Although respiration difficulties are not uncommon during epileptic activity, seizures with apnea only are quite rare in adults. A 20-year-old man visited our sleep center because of snoring and sleep apnoea; the symptoms had started two years prior.
The next night, a 16-channel video-EEG monitoring was performed to classify these events and to determine the temporal relationship of apnea onset and Ictal discharge. To our knowledge, this is the first adequately documented case report of pure epileptic seizures presenting with obstructive type sleep apnea as initial symptom.
On the basis of the polysomnography, EEG, and SPECT findings, a rare form of nocturnal frontal lobe epilepsy (NFLE) was strongly considered. The nerve supplies to the respiratory muscles and the larynx, both sensory and motor, occur through the vagus nerve via the superior and inferior laryngeal nerve branches. Polysomnography, EEG, and imaging in a case of epileptic seizures presenting as obstructive sleep apnea.
We report a case of a patient with seizures who presented with obstructive sleep apnoea; the seizures were documented by continuous EEG and polysomnography as well as ictal single photon emission computed tomography (SPECT). He worked for the military, and his apnea and snoring were bothering colleagues in the barracks. Ten apneic events with ictal discharges preceding the apnoea were recorded throughout the night. We repeatedly documented that the ictal discharges clearly preceded the sleep apnea episodes. Contrary to typical apnea, however, rhythmic epileptiform discharges appeared at bifrontal area on EEG just before the start of apnoea.

His daily life was normal, and he had neither a family history nor a medical history of seizures and had previously been healthy.
Ictal EEG showed paroxysmal rhythmic discharges in the range of 9 to 10Hz in the bifrontal area starting just before onset of the apneic episodes. Respiratory arrest as part of a seizure pattern was first described by Jackson.1 Apneic seizures are known to be very rare in adults. However, this case demonstrates that NFLE can also present with choking episodes that are initially attributed to obstructive type sleep apnea.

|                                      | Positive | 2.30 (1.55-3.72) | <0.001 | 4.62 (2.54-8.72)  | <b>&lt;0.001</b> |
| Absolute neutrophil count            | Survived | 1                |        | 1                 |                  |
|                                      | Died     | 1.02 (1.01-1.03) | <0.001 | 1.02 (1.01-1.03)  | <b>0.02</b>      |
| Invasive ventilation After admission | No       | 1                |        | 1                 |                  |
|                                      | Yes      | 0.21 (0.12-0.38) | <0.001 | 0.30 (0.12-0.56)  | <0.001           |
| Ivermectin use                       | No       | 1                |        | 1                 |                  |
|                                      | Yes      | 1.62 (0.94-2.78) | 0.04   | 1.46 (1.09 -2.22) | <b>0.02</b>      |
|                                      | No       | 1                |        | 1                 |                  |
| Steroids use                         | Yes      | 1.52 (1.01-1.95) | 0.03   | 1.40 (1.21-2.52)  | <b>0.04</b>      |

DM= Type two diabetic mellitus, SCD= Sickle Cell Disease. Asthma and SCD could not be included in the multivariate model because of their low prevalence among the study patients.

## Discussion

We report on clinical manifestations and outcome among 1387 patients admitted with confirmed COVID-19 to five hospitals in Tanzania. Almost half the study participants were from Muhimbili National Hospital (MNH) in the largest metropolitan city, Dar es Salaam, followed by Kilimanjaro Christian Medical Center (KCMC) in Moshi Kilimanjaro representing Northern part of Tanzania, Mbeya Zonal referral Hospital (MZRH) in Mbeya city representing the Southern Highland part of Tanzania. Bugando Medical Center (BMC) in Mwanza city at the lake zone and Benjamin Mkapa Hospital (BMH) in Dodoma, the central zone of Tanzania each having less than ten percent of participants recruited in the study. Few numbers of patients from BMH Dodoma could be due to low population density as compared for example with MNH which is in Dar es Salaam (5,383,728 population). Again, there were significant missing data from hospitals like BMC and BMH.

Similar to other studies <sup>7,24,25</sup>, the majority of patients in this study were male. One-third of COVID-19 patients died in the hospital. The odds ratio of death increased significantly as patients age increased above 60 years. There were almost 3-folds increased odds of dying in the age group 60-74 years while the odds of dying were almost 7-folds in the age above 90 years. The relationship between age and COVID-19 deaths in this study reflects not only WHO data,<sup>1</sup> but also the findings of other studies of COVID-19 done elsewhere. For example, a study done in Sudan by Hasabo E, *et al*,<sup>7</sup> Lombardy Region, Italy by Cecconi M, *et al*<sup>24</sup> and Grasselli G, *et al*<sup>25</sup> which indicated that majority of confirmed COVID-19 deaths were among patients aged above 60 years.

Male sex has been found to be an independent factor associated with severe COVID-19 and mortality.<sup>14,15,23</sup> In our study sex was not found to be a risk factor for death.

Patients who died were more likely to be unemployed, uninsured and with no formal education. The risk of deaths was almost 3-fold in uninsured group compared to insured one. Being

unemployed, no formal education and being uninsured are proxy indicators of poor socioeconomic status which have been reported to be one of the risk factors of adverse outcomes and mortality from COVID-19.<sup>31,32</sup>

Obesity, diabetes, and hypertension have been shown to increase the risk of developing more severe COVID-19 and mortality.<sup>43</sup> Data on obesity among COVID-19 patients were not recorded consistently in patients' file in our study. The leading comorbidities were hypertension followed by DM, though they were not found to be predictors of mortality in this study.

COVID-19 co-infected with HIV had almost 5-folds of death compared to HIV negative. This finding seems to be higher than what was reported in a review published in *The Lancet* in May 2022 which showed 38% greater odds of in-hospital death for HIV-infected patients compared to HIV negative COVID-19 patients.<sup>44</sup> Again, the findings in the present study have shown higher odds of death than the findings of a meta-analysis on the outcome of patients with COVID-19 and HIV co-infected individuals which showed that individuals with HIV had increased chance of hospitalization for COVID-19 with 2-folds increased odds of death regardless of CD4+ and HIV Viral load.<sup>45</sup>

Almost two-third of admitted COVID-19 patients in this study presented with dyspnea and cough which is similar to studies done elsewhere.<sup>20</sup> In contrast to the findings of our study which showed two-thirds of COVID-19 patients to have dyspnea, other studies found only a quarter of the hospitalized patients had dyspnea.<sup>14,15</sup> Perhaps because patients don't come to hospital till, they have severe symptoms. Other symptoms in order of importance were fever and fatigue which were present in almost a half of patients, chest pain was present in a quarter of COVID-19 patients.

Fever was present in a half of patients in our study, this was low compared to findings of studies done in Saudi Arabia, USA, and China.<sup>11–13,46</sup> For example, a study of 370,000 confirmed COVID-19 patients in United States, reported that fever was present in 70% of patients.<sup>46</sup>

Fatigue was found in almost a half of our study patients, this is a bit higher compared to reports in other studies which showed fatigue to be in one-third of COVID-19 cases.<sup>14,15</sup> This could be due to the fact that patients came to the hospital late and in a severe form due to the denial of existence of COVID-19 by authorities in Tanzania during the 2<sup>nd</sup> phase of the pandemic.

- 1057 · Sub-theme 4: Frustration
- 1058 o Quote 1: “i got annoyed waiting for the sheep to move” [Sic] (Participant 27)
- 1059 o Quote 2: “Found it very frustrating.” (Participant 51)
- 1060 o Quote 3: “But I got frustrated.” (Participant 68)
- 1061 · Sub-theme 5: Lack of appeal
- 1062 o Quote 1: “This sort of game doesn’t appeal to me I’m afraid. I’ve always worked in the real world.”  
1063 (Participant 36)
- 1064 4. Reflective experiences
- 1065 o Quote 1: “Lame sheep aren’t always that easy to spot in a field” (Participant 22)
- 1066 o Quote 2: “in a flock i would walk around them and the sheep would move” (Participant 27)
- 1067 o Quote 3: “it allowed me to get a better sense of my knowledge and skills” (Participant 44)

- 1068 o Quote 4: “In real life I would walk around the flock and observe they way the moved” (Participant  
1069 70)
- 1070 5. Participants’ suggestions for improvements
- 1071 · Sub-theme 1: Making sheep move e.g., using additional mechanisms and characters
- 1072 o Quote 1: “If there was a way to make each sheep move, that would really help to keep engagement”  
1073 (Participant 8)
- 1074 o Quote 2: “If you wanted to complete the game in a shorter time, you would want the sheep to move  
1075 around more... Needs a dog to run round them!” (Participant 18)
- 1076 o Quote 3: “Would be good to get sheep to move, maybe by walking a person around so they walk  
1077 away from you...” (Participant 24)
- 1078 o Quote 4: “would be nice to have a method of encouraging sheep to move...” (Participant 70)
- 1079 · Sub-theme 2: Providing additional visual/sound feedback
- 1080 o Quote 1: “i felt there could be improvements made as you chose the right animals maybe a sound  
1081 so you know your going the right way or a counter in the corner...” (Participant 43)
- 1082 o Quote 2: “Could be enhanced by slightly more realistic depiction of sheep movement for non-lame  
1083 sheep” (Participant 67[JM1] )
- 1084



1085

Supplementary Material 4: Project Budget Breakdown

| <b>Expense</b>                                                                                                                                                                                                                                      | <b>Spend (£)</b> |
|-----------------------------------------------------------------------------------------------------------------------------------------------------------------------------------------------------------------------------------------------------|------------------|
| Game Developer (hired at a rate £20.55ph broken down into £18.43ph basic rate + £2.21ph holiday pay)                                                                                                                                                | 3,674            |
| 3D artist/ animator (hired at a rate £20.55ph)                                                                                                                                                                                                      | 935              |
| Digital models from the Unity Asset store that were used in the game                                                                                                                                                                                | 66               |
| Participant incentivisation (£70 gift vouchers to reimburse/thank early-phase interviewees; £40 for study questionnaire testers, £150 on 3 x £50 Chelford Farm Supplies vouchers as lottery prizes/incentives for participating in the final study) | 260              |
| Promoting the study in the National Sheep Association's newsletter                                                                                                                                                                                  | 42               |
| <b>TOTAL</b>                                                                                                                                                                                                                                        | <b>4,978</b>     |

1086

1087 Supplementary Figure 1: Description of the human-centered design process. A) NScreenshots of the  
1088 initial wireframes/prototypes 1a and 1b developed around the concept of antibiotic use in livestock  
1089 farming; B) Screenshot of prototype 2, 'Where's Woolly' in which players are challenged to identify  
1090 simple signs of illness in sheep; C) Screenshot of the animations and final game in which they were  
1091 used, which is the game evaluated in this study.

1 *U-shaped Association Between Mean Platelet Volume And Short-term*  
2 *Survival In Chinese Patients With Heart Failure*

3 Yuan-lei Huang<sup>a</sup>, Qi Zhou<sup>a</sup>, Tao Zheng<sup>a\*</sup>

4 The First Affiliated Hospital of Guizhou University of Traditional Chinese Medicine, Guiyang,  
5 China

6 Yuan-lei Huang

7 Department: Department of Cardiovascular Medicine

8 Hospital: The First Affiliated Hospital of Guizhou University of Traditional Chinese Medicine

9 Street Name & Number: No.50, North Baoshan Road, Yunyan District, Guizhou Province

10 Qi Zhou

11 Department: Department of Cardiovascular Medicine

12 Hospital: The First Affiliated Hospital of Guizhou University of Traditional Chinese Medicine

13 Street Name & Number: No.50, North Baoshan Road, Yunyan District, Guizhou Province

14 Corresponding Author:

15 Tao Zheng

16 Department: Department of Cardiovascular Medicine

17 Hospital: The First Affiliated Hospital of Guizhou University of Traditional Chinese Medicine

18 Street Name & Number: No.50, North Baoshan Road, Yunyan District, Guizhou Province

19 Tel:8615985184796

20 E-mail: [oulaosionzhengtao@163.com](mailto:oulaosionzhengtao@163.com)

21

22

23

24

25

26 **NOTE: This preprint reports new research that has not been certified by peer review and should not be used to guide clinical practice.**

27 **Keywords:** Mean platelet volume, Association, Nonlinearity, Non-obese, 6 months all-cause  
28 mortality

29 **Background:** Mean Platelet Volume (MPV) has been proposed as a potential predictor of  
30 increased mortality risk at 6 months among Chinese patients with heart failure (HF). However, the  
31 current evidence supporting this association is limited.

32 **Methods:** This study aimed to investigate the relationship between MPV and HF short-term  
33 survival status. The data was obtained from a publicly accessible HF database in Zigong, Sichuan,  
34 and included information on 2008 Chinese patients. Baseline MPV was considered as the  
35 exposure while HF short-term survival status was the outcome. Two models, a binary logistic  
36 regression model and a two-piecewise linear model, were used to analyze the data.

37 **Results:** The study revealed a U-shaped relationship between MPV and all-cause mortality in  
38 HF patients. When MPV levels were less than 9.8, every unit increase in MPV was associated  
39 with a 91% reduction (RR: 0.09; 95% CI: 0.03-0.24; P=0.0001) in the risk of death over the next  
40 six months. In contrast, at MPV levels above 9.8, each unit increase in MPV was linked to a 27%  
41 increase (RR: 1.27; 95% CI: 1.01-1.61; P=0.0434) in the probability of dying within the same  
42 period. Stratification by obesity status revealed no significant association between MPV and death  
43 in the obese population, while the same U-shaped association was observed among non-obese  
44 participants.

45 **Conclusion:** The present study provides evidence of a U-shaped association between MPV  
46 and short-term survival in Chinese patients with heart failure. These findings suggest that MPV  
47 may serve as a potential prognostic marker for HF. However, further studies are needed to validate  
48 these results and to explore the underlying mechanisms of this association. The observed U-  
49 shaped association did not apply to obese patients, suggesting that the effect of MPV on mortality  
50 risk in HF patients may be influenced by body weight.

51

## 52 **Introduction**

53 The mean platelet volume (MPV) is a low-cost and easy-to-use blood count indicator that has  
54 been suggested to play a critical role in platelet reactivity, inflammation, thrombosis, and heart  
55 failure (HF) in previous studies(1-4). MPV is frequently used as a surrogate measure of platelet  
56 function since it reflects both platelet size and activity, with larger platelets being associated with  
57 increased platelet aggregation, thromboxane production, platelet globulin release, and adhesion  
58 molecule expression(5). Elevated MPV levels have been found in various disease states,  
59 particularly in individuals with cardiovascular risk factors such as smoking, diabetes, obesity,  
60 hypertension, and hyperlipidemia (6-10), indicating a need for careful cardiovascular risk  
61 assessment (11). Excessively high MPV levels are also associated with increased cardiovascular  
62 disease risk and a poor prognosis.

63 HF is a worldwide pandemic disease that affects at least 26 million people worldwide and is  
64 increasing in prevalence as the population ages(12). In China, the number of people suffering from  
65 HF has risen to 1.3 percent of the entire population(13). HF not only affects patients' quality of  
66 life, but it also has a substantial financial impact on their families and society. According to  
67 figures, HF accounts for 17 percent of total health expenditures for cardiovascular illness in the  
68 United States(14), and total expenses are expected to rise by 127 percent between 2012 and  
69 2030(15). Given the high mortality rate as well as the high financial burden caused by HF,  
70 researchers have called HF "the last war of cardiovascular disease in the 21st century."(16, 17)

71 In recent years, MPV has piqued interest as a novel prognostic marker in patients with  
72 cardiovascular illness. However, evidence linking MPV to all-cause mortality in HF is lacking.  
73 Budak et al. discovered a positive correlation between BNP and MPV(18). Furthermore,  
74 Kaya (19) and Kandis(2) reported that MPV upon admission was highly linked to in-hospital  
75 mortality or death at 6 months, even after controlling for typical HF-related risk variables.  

Therefore, the primary treatment for obstructive sleep apnea focuses on maintaining the patency of the airway. Nocturnal frontal lobe epilepsy A clinical and polygraphic overview of 100 consecutive cases.
Video-EEG monitoring was performed to classify these events, and to evaluate the relationship of apnoea and ictal discharge. His Epworth Sleepiness Scale (ESS) score was 14 out of 24, which suggested moderate excessive daytime sleepiness.
Apnea during a seizure may be due to muscle contraction of the respiratory muscles or reduced central breathing drive (central apnea).
Epilepsy has various clinical presentations, and it should be included in the differential diagnosis of apnea. Most of the case reports regarding apneic seizures are of the central apnoea type.2,3 However, in this case, the apnoea was of the obstructive type, which may have been caused by tonic contraction of the respiratory muscles. For these reasons, it is crucial to obtain ictal confirmation showing EEG discharges preceding apneic events.

One second later, the chin EMG increased and the apnea began with paradoxical wall movement (arrow), indicating an obstructive type apnea. These apneic episodes consisted of respiratory cessation accompanied by chest and abdominal movements of the obstructive type. Given these findings, we concluded that these events were epileptic seizures presenting as obstructive sleep apnoea. A firm diagnosis is extremely important because without it one may treat with conventional obstructive sleep apnea therapy. Given these findings, we concluded that these events were epileptic seizures presenting as obstructive sleep apnea.
Oldani reported two patients who showed obstructive apnea during seizures in the night.4 But the apneas were not the typical initial symptoms in those cases.
Seven out of nine apneic episodes were accompanied by rhythmic paroxysmal discharges in the bifrontal areas on EEG; clinically, five of the episodes progressed to tonic movement of all four limbs, and two episodes showed apneas only. This case demonstrates that nocturnal frontal love epilepsy may be the potential cause of obstructive sleep apnea (OSA). All that seven episodes occurred during NREM sleep (two in stage 1, four in stage 2, and the others in stage 3). Our patient is unique in that the apnoea is the first semiologic symptom, the ictal discharges started in the bifrontal areas during all recorded episodes, and the ictal SPECT revealed an abnormality in the right frontal area.

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Comments Seizures and obstructive sleep apnea

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  3. spaider_man
    Subsequently comparable studies have been carried can quite typically outcome in snoring.